According to Mr. Michael Moreo, Director of Information Technology & Emergency Management Coordinator for the Roosevelt Island Operating Corporation, the current e-mail advisory system can be used in principle as a emergency text system. But there are limitations as to how well it would work.
Currently as noted in my prior post RIOC offers via e-mail the ability to receive advisories regarding various island issues of concern. Therefore it can be hoped that if there was an emergency this system would additionally broadcast the relevant information needed to be disseminated. Currently the RIOC Emergency Preparedness web page states this system is not for emergencies.
Without getting too technical the current system works off of the standard email format known as SMTP (Simple Mail Transfer Protocol). Text messaging over mobile phones utilize an SMS (Short Message Service) delivery method format. To receive an email on your phone your cell phone provider would have to provide an SMT based email address that links to your phone. An example for a Verizon Wireless subscriber would be your 10 Digit Number @ vtext.com (email@example.com).
A major caveat to the effectiveness of using cell phones in this capacity is that depending on the carrier and the plan subscribed to the resident / subscriber may only receive a truncated version of the advisory. RIOC would need to tailor their e-mail advisories to state the focus of the email concisely and succinctly in the opening few words so that "truncated" recipients would know to follow up by a secondary method (via actual phone call to RIOC or review of their emails) to receive the entire advisory. In truth most of RIOC's advisories are single issue advisories which start off with a topic header. As long as they continue to do so this could work quite effectively.
Granted we all hope that we never receive an emergency broadcast but it may be worthwhile to subscribe to such advisories on your cell phone, as noted above, even if it means using up a few "text calls" each month to standard non life threatening notices just to ensure if there is an advisory issued of great importance you will get it on your cell phone. The address to subscribe to RIOC's current advisory system, as described currently for non-emergencies, is firstname.lastname@example.org.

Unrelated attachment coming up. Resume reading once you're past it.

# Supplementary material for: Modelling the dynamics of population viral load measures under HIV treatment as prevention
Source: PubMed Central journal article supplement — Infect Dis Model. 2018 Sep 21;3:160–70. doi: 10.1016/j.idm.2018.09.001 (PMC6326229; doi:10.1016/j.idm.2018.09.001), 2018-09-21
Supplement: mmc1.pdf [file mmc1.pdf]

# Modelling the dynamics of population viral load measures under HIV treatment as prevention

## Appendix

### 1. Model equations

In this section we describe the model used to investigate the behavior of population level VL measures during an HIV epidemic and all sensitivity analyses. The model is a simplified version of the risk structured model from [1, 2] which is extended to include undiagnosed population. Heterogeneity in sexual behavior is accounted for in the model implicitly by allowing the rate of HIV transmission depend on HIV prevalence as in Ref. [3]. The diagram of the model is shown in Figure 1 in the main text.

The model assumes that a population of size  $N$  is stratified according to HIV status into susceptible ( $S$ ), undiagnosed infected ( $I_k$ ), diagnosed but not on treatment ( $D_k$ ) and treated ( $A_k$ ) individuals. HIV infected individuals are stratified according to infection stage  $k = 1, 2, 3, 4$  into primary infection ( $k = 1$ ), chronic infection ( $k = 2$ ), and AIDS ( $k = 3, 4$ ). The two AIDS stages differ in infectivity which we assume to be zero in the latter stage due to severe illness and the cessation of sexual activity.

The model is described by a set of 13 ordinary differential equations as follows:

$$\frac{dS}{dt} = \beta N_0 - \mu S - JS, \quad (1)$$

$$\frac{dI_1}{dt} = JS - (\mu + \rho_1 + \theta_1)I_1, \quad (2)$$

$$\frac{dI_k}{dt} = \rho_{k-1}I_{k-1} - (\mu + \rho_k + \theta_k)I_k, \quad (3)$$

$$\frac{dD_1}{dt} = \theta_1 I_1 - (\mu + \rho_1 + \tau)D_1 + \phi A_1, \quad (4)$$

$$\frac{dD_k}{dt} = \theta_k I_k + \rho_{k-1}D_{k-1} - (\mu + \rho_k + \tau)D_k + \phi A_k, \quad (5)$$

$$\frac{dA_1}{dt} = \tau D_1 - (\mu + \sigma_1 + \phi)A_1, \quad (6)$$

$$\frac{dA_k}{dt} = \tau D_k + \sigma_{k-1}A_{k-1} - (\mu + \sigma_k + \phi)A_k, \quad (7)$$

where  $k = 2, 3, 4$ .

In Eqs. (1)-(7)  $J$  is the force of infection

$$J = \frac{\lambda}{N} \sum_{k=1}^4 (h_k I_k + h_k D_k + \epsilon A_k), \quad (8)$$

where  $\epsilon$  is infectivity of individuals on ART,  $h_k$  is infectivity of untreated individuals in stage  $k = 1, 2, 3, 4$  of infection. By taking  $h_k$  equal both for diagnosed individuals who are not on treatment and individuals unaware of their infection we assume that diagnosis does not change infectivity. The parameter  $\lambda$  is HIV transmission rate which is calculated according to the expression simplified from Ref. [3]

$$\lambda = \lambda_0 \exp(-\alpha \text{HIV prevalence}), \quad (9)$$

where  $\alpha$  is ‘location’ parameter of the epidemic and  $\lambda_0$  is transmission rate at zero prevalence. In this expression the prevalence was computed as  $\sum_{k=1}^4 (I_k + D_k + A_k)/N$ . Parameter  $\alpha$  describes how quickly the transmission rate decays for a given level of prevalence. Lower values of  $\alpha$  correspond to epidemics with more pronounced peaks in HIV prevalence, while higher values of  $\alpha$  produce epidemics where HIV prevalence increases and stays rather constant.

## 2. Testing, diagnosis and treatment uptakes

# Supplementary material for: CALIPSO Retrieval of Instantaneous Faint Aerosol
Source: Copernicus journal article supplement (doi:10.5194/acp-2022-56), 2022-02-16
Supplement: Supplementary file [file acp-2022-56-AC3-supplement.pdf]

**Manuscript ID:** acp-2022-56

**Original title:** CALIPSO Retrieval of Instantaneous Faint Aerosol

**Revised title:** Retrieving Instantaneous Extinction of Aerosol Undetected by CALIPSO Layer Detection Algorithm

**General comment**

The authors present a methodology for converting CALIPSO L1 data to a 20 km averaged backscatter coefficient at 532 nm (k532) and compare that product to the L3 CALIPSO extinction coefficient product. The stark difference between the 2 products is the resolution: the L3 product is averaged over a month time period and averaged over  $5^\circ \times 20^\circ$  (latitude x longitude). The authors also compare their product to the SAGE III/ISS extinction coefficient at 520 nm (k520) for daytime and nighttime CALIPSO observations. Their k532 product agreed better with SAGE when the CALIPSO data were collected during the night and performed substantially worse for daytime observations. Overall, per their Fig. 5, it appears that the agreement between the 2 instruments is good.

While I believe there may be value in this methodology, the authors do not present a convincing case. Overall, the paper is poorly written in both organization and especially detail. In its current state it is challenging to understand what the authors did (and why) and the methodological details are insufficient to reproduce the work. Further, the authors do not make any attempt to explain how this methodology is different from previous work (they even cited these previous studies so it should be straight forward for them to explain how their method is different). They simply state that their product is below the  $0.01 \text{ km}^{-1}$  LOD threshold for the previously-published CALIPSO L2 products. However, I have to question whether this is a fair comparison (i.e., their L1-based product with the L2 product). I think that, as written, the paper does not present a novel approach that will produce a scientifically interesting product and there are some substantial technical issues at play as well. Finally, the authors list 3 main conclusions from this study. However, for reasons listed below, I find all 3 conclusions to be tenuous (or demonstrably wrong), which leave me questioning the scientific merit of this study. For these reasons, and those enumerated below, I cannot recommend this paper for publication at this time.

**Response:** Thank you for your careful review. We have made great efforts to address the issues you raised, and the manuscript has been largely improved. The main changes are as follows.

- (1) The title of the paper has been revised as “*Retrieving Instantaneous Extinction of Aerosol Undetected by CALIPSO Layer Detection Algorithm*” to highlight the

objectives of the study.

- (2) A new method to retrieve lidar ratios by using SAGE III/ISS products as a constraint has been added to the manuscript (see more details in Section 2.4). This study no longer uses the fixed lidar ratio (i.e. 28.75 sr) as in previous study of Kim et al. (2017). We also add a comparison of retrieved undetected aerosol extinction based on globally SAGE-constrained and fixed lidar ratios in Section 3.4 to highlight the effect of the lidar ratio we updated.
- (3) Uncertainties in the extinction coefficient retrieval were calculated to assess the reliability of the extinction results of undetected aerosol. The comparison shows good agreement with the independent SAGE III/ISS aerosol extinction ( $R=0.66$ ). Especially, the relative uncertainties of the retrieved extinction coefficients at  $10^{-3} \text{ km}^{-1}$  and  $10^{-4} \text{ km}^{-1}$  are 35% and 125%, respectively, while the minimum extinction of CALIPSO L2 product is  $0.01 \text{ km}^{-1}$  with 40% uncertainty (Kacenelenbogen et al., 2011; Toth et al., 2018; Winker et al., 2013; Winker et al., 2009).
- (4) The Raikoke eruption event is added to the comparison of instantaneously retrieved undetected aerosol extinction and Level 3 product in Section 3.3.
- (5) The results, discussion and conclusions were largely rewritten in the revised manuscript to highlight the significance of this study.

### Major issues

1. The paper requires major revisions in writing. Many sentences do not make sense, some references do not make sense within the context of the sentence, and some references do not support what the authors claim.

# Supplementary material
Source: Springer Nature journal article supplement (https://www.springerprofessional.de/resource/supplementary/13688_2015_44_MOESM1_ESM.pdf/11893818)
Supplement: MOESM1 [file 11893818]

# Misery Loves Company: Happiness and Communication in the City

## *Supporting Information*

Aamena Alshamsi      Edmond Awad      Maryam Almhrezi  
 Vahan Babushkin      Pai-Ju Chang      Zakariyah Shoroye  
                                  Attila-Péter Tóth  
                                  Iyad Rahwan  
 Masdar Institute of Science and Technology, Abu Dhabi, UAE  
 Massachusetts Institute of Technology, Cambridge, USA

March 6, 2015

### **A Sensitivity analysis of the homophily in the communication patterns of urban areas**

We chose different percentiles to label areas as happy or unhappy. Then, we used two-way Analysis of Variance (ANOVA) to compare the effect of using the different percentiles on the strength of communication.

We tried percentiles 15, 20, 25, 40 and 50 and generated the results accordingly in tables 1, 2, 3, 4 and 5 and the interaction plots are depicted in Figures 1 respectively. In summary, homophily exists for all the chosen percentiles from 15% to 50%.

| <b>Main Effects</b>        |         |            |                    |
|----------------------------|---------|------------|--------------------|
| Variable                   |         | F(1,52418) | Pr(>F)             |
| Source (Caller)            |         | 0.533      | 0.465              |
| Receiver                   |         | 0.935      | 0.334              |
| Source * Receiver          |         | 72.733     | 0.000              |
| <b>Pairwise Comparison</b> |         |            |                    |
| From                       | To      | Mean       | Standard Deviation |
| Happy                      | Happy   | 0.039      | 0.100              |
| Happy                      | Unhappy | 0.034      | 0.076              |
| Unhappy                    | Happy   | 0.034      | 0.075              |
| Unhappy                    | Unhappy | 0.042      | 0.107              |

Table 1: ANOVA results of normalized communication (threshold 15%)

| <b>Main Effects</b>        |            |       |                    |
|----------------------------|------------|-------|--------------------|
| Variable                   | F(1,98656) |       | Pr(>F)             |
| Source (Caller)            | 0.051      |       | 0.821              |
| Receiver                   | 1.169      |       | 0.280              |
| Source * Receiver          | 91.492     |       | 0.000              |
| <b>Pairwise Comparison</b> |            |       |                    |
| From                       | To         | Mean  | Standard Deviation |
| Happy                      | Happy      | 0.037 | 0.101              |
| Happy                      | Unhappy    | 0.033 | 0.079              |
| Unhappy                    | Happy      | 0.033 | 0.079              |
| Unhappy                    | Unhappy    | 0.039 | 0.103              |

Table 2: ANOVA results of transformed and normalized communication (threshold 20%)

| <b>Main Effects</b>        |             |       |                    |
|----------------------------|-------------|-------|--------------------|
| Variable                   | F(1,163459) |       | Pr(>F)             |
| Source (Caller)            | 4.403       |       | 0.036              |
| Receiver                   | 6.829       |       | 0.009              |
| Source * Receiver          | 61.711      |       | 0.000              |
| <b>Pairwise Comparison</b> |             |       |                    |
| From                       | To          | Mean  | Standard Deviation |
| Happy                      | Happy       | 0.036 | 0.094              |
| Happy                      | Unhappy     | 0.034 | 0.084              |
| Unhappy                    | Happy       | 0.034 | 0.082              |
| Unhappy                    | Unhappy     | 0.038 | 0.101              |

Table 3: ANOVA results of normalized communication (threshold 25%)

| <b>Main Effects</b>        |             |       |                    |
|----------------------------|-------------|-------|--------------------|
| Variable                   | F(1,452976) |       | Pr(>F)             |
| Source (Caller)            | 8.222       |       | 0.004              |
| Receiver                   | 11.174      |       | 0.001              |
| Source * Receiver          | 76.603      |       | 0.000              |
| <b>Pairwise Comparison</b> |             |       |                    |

I am hoping that based on my emails to RIOC that they will formally look at the current system and determine that they will change the notation on their emergency preparedness page to note that this system may be used in case of an emergency as one additional tool in their arsenal to protect us. I'd like to thank Michael Moreo and Stephen Shane for answering my inquiries quickly and in such detail.
The following e-mail came into me just after posting the above text and I thought it worthy to post in full. As Mr. Moreo states no one method should be relied upon in case of an emergency, especially since technology can easily be disrupted in times of disaster or emergencies, and RIOC will certainly use its best efforts to do what they can to keep us informed.
From: Michael Moreo
Sent: Monday, October 01, 2007 4:37 PM
Subject: RE: Utilization of the Current Email Advisory System
The intent of the advisory page on our website, the email notification system and the information telephone hotline is to announce scheduled service advisories that affect island services. However, we have found through past experience that we have a certain level of capability to broadcast on short notice if reliable information is provided to us and all systems are operational.
When a situation arises, notifications are made to the appropriate personnel by our Public Safety Department and notifications can be made either from our island operating areas or remotely.
Although every effort would be made to notify the public using technology, I would not recommend to people to become complacent and assume all emergency advisories will be broadcast using web, email and/or telephone, as these technologies might be down.
The best answer I can give you is [RIOC] would make best effort to advise using web, email and telephone, but still remember that seeking the news via television or radio may still be your best bet in getting information you need at the time of a true emergency.
Michael W. Moreo
Emergency Management Coordinator
Roosevelt Island Operating Corporation